By the conclusion of the fifth round of the main event of UFC San Antonio last Saturday night, one thing was clear: Cory Sandhagen had defeated Marlon Vera. The Elevation Fight Team talent had out-struck, out-wrestled, and out-grappled his foe for the majority of five rounds on his way to what must surly be a unanimous decision victory.
Then the scorecards were read.
Sandhagen still got his hand raised in the end—the only thing that really matters—but local judge Joel Ojeda turned in a mind-bending 48-47 Marlon Vera card to make it a split decision in a fight where the vast majority of fans and media had the fight sitting at a clear 50-45 or 49-46 for the victor. MMA is no stranger to wild decisions. In a sport with only a few rounds and a somewhat antiquated 10-point must-system refitted from boxing, small discrepancies in judgement from round-to round can create major shifts in the end result. But, even by that standard, this felt like a wild aberration.
So much so that at least one longtime UFC veteran is calling for an investigation. Welterweight top contender Gilbert Burns sat down with TMZ in the days following the event. When asked about the controversial scoring, ‘Durinho’ had a strong solution: Call in the FBI.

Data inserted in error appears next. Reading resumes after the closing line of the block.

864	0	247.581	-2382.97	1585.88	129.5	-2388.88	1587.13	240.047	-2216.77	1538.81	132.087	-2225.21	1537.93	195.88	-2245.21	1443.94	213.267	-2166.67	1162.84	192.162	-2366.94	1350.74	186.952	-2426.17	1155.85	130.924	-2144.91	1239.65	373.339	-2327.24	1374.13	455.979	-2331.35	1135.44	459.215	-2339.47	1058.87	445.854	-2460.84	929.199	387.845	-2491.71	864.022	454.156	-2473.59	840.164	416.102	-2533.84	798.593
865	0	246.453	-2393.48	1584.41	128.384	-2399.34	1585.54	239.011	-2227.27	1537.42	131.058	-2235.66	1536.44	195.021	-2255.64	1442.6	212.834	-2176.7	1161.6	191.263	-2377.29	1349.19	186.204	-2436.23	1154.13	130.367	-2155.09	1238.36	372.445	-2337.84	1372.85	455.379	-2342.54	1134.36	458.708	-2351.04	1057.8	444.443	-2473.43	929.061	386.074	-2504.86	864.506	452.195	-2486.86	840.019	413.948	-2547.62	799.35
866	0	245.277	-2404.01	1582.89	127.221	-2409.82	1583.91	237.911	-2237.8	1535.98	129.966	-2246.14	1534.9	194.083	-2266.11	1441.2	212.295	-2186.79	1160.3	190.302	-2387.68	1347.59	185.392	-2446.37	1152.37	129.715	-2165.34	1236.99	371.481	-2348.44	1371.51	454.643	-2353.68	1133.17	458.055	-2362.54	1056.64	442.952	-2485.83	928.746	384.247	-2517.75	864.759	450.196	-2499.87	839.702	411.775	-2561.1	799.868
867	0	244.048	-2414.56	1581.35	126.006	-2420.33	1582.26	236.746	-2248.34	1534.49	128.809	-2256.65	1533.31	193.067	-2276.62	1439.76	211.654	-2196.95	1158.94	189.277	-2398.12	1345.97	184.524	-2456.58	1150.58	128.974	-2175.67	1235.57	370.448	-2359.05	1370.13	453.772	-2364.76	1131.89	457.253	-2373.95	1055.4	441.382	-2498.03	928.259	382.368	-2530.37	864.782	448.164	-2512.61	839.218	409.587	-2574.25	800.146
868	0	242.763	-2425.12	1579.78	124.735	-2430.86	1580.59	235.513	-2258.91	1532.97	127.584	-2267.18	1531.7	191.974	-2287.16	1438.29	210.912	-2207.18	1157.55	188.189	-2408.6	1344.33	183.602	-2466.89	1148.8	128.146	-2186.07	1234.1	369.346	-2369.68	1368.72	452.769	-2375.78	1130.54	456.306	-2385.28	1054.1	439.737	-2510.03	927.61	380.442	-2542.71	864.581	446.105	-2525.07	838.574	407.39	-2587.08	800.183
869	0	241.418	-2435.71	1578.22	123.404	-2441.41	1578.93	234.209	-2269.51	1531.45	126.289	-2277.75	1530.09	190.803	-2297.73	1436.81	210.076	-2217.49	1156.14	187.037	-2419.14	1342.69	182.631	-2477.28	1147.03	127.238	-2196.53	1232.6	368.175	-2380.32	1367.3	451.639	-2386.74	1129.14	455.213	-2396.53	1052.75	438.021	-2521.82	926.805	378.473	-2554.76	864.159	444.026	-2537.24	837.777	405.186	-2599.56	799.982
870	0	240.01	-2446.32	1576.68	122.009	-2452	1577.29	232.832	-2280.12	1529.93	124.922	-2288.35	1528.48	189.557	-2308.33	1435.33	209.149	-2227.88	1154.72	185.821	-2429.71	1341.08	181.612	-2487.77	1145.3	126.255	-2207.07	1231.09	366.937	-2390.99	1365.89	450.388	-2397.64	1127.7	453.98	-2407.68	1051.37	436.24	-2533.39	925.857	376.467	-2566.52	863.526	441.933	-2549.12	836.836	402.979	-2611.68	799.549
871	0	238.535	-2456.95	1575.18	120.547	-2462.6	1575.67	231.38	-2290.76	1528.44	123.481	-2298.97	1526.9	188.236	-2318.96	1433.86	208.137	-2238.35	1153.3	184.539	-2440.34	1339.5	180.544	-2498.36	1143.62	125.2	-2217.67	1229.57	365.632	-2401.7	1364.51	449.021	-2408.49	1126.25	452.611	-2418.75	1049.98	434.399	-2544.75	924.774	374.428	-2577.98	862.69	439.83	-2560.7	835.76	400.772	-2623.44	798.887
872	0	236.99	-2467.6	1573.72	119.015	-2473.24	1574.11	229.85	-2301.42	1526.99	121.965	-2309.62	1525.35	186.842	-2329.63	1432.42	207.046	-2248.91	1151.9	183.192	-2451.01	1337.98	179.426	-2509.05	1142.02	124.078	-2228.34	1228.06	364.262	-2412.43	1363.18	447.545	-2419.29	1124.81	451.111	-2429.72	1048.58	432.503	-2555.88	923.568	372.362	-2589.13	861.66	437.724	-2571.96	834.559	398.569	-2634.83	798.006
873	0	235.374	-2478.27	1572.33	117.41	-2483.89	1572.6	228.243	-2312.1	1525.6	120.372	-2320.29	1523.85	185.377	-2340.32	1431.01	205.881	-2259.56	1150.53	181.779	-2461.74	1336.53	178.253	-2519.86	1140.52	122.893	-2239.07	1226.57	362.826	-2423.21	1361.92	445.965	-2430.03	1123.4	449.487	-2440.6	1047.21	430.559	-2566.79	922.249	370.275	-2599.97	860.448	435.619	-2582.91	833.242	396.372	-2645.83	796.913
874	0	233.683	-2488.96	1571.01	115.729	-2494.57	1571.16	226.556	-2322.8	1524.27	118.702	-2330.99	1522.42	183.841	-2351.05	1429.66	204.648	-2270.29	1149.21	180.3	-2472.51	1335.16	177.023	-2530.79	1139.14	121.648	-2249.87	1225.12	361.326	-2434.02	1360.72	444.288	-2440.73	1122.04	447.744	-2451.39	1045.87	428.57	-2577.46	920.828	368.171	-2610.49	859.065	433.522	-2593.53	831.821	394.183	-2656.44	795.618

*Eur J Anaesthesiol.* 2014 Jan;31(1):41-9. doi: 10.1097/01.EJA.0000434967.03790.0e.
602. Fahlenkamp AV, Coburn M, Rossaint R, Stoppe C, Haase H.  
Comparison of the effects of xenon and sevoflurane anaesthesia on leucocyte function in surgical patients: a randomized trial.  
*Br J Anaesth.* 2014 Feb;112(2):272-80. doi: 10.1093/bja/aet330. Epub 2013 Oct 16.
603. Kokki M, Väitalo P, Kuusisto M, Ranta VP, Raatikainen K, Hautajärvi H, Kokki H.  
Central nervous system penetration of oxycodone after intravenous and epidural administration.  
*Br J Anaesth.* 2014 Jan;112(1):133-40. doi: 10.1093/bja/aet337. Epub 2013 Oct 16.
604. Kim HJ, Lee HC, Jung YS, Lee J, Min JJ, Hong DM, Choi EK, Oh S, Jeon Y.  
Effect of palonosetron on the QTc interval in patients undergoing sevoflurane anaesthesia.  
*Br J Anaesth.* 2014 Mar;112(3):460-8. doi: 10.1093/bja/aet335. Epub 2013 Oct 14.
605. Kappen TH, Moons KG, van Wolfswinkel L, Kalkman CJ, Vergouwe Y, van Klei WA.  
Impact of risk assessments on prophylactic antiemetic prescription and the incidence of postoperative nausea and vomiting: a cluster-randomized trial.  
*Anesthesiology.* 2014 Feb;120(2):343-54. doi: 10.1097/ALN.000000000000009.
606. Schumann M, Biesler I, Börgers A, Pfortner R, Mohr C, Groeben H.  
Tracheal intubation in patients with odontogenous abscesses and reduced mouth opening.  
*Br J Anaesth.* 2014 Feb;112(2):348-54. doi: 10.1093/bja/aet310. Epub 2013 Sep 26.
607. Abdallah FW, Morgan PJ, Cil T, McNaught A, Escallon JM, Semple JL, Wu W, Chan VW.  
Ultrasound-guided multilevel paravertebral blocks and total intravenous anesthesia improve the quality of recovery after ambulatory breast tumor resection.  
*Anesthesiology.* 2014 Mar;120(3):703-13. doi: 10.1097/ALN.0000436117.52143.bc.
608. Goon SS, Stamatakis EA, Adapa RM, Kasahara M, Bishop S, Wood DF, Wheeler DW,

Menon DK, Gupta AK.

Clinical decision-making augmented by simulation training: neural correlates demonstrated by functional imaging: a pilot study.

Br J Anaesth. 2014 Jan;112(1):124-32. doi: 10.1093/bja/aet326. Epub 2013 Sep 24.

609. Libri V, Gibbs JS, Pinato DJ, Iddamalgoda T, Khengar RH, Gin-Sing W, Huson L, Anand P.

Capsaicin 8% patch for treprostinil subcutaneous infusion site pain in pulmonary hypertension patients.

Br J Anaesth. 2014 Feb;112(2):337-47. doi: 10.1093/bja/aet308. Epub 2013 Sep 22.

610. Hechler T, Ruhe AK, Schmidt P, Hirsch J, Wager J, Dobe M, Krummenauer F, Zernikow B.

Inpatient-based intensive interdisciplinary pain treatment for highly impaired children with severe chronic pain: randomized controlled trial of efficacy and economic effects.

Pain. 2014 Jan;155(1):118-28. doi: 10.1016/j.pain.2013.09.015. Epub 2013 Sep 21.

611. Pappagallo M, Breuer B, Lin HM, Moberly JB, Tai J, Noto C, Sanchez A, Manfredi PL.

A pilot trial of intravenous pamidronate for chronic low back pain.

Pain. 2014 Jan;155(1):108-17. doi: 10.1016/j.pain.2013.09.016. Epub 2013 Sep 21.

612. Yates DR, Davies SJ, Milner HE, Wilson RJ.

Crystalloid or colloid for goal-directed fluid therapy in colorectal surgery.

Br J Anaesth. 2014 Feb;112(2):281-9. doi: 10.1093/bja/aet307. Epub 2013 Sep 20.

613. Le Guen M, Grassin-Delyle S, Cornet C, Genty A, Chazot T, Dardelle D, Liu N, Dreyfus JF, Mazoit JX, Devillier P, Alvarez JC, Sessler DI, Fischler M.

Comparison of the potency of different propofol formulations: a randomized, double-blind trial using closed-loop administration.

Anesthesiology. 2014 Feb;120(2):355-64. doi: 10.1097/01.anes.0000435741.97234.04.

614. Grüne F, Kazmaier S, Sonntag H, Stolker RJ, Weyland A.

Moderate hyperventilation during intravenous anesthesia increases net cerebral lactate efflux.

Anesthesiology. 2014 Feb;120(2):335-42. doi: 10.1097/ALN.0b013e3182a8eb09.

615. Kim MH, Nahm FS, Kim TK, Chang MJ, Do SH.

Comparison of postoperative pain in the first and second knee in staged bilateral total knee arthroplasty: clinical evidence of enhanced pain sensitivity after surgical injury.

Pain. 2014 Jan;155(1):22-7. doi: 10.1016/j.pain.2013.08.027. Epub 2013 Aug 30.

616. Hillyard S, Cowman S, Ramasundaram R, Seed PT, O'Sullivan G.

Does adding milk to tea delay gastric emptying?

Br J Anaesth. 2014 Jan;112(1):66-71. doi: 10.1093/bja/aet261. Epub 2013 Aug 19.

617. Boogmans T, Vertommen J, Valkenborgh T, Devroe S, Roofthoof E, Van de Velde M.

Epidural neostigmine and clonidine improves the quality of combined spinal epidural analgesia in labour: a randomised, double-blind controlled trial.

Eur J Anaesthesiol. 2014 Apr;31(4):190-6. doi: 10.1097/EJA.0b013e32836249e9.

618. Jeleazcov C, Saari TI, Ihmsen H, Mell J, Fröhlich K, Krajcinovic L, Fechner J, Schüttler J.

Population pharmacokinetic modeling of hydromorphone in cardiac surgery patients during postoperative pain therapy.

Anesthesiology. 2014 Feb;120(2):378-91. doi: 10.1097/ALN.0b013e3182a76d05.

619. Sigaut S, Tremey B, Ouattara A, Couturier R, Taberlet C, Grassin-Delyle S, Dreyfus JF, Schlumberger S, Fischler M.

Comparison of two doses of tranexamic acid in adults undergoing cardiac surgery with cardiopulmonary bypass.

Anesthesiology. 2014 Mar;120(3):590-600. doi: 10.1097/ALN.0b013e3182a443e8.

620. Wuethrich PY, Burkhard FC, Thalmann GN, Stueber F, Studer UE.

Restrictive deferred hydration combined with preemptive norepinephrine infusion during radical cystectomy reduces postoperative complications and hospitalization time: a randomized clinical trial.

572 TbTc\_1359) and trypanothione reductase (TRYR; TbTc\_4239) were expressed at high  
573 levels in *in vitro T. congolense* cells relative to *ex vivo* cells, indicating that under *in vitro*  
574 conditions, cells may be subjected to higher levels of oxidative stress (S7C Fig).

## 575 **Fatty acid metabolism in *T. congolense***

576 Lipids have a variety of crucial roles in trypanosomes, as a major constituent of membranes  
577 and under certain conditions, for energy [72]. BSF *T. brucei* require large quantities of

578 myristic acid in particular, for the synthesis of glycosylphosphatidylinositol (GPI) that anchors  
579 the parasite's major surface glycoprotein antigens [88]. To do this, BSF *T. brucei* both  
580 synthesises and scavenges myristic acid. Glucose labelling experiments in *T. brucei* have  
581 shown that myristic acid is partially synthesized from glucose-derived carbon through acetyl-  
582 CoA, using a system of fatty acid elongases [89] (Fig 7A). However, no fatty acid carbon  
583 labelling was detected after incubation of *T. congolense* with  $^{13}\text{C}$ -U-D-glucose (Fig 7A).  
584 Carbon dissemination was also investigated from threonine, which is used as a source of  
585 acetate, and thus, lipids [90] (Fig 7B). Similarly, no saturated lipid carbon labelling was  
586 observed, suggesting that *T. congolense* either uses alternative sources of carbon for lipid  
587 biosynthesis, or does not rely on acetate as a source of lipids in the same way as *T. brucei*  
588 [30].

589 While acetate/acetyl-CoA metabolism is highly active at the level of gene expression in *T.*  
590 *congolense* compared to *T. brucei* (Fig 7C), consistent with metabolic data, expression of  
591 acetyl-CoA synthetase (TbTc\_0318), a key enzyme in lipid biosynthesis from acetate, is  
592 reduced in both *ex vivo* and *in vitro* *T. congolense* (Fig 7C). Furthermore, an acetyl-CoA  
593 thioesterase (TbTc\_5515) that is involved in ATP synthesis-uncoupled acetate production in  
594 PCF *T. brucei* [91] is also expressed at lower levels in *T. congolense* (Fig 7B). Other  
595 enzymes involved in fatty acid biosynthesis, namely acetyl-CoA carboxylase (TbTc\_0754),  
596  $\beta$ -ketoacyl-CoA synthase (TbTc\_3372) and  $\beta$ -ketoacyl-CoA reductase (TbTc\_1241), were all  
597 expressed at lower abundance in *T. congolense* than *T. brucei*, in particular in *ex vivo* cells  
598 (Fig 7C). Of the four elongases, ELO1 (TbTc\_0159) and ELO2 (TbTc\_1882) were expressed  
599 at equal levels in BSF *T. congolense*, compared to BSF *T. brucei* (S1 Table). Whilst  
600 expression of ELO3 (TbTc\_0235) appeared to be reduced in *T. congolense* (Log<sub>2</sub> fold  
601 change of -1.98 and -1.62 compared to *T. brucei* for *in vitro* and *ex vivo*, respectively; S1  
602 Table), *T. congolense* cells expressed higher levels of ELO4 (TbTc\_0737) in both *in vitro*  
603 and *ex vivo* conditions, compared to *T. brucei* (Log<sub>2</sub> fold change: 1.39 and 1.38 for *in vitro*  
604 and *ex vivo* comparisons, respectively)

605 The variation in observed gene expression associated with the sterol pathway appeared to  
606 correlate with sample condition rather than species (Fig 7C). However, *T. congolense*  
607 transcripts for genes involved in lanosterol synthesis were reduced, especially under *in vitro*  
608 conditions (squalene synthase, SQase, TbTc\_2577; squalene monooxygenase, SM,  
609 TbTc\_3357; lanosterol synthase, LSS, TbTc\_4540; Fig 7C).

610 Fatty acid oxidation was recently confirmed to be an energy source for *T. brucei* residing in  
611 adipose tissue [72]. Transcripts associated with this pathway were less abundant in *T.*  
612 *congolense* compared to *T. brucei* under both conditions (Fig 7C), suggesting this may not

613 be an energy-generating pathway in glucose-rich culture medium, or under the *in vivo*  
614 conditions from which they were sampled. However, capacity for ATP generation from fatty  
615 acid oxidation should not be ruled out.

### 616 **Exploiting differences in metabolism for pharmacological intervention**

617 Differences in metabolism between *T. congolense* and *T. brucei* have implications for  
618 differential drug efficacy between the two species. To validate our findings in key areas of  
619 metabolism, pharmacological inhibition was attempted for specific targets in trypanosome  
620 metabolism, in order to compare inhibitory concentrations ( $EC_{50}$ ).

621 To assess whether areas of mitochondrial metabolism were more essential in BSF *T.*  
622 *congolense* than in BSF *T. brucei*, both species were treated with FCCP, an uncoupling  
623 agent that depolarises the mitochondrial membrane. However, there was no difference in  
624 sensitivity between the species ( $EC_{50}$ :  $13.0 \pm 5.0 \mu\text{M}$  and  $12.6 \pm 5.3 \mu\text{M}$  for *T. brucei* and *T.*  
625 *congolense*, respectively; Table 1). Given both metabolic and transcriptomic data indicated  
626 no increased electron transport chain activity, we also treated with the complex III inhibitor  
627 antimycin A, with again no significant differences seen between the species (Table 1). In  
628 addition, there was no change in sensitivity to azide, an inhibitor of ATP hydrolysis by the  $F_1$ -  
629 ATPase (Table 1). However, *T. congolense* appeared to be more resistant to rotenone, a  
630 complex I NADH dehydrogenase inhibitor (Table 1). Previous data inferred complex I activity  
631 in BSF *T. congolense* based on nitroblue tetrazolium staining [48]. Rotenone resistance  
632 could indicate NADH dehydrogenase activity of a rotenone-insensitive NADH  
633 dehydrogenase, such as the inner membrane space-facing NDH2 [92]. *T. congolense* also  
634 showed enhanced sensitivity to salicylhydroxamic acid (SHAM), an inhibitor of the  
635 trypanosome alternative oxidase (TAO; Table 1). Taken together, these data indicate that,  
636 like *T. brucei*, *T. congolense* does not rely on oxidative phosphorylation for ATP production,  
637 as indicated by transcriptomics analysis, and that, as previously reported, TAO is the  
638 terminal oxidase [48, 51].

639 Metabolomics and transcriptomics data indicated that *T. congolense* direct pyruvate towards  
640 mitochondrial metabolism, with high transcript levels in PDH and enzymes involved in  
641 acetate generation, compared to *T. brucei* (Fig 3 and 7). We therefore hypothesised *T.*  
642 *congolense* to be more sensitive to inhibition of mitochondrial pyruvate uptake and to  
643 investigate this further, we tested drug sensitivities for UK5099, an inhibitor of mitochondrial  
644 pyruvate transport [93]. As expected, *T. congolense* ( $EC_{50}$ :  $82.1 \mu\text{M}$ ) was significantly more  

“I think this judge needs to be investigated,” Burns said of Ojeda (transcript via MMA Mania). “We need the FBI on this judge. Because those judges may be working with the betting company, getting a third person to bet. I just think it’s not real, I think those guys are being dirty and maybe try to get money out of this. Chito’s my guy and I want him to win, but there’s no way he won that fight. It’s clear to anyone. What’s wrong with that judge? It’s not the first time. What bothers me is that it doesn’t stop. We have to do something or I dunno, nothing changes.”
While commissions will regularly debrief officials after events and sometimes go over controversial scorecards or officiating decisions, those kinds of conversations are rarely ever made public. Commissions have also generally proven disinterested in taking on disputes over things like adjudication—perhaps unsurprising considering the number of fighters every week who might feel hard done by any number of decisions.
However, that leaves athletes, coaches, and managers in the unfortunate place of feeling practically powerless when it comes to filing any kind of official complaint. Ojeda’s scorecard was definitely bad, and seems like it would be hard to defend, but it also seems very unlikely that he’ll ever have to do so in any kind of public forum—even if Burns does get the FBI on the horn.
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